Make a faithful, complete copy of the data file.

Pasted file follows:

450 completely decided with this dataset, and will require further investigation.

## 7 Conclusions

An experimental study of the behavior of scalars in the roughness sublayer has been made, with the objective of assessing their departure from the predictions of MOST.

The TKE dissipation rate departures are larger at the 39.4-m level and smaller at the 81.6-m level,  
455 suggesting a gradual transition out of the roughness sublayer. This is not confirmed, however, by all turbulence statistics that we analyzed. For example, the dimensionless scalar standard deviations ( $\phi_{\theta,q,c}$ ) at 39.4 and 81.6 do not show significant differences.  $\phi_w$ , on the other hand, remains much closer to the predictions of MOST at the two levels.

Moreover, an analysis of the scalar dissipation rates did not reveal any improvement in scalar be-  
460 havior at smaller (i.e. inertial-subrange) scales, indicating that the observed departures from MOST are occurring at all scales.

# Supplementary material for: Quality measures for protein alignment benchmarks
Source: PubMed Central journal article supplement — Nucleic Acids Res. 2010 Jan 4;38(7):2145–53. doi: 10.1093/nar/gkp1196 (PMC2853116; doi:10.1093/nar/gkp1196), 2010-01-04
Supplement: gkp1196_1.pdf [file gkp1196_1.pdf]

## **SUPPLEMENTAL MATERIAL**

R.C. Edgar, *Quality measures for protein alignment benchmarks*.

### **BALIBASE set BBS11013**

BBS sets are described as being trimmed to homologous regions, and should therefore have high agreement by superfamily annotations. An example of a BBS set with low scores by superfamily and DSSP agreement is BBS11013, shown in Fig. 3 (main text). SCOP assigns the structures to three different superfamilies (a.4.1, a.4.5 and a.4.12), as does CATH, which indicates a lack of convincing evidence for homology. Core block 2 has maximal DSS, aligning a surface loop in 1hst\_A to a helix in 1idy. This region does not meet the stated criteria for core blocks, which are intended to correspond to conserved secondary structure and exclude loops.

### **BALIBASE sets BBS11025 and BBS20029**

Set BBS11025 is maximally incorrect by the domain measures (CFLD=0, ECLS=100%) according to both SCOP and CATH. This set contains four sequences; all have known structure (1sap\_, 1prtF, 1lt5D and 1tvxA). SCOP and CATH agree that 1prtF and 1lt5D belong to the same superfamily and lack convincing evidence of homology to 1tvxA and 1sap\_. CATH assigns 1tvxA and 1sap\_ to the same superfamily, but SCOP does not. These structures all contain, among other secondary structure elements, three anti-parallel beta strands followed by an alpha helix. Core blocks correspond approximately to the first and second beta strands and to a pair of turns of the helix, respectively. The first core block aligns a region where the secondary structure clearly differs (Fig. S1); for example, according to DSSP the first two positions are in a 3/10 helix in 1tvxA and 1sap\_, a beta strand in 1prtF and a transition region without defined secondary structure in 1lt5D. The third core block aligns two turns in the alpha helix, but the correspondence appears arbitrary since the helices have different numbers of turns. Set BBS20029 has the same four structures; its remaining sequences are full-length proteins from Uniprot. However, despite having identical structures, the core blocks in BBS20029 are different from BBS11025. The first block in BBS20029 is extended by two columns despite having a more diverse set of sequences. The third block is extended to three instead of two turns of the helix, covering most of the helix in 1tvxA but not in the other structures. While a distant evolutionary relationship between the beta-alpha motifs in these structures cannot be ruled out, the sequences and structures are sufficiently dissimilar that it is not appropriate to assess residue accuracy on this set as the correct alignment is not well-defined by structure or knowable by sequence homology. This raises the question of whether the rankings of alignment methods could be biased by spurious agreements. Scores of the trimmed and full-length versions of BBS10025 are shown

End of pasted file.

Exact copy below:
450 completely decided with this dataset, and will require further investigation.

## 7 Conclusions

An experimental study of the behavior of scalars in the roughness sublayer has been made, with the objective of assessing their departure from the predictions of MOST.

The TKE dissipation rate departures are larger at the 39.4-m level and smaller at the 81.6-m level,  
455 suggesting a gradual transition out of the roughness sublayer. This is not confirmed, however, by all turbulence statistics that we analyzed. For example, the dimensionless scalar standard deviations ( $\phi_{\theta,q,c}$ ) at 39.4 and 81.6 do not show significant differences.  $\phi_w$ , on the other hand, remains much closer to the predictions of MOST at the two levels.

Moreover, an analysis of the scalar dissipation rates did not reveal any improvement in scalar be-  
460 havior at smaller (i.e. inertial-subrange) scales, indicating that the observed departures from MOST are occurring at all scales.

# Supplementary material for: Quality measures for protein alignment benchmarks
Source: PubMed Central journal article supplement — Nucleic Acids Res. 2010 Jan 4;38(7):2145–53. doi: 10.1093/nar/gkp1196 (PMC2853116; doi:10.1093/nar/gkp1196), 2010-01-04
Supplement: gkp1196_1.pdf [file gkp1196_1.pdf]

## **SUPPLEMENTAL MATERIAL**

R.C. Edgar, *Quality measures for protein alignment benchmarks*.

### **BALIBASE set BBS11013**

BBS sets are described as being trimmed to homologous regions, and should therefore have high agreement by superfamily annotations. An example of a BBS set with low scores by superfamily and DSSP agreement is BBS11013, shown in Fig. 3 (main text). SCOP assigns the structures to three different superfamilies (a.4.1, a.4.5 and a.4.12), as does CATH, which indicates a lack of convincing evidence for homology. Core block 2 has maximal DSS, aligning a surface loop in 1hst\_A to a helix in 1idy. This region does not meet the stated criteria for core blocks, which are intended to correspond to conserved secondary structure and exclude loops.

### **BALIBASE sets BBS11025 and BBS20029**

Set BBS11025 is maximally incorrect by the domain measures (CFLD=0, ECLS=100%) according to both SCOP and CATH. This set contains four sequences; all have known structure (1sap\_, 1prtF, 1lt5D and 1tvxA). SCOP and CATH agree that 1prtF and 1lt5D belong to the same superfamily and lack convincing evidence of homology to 1tvxA and 1sap\_. CATH assigns 1tvxA and 1sap\_ to the same superfamily, but SCOP does not. These structures all contain, among other secondary structure elements, three anti-parallel beta strands followed by an alpha helix. Core blocks correspond approximately to the first and second beta strands and to a pair of turns of the helix, respectively. The first core block aligns a region where the secondary structure clearly differs (Fig. S1); for example, according to DSSP the first two positions are in a 3/10 helix in 1tvxA and 1sap\_, a beta strand in 1prtF and a transition region without defined secondary structure in 1lt5D. The third core block aligns two turns in the alpha helix, but the correspondence appears arbitrary since the helices have different numbers of turns. Set BBS20029 has the same four structures; its remaining sequences are full-length proteins from Uniprot. However, despite having identical structures, the core blocks in BBS20029 are different from BBS11025. The first block in BBS20029 is extended by two columns despite having a more diverse set of sequences. The third block is extended to three instead of two turns of the helix, covering most of the helix in 1tvxA but not in the other structures. While a distant evolutionary relationship between the beta-alpha motifs in these structures cannot be ruled out, the sequences and structures are sufficiently dissimilar that it is not appropriate to assess residue accuracy on this set as the correct alignment is not well-defined by structure or knowable by sequence homology. This raises the question of whether the rankings of alignment methods could be biased by spurious agreements. Scores of the trimmed and full-length versions of BBS10025 are shown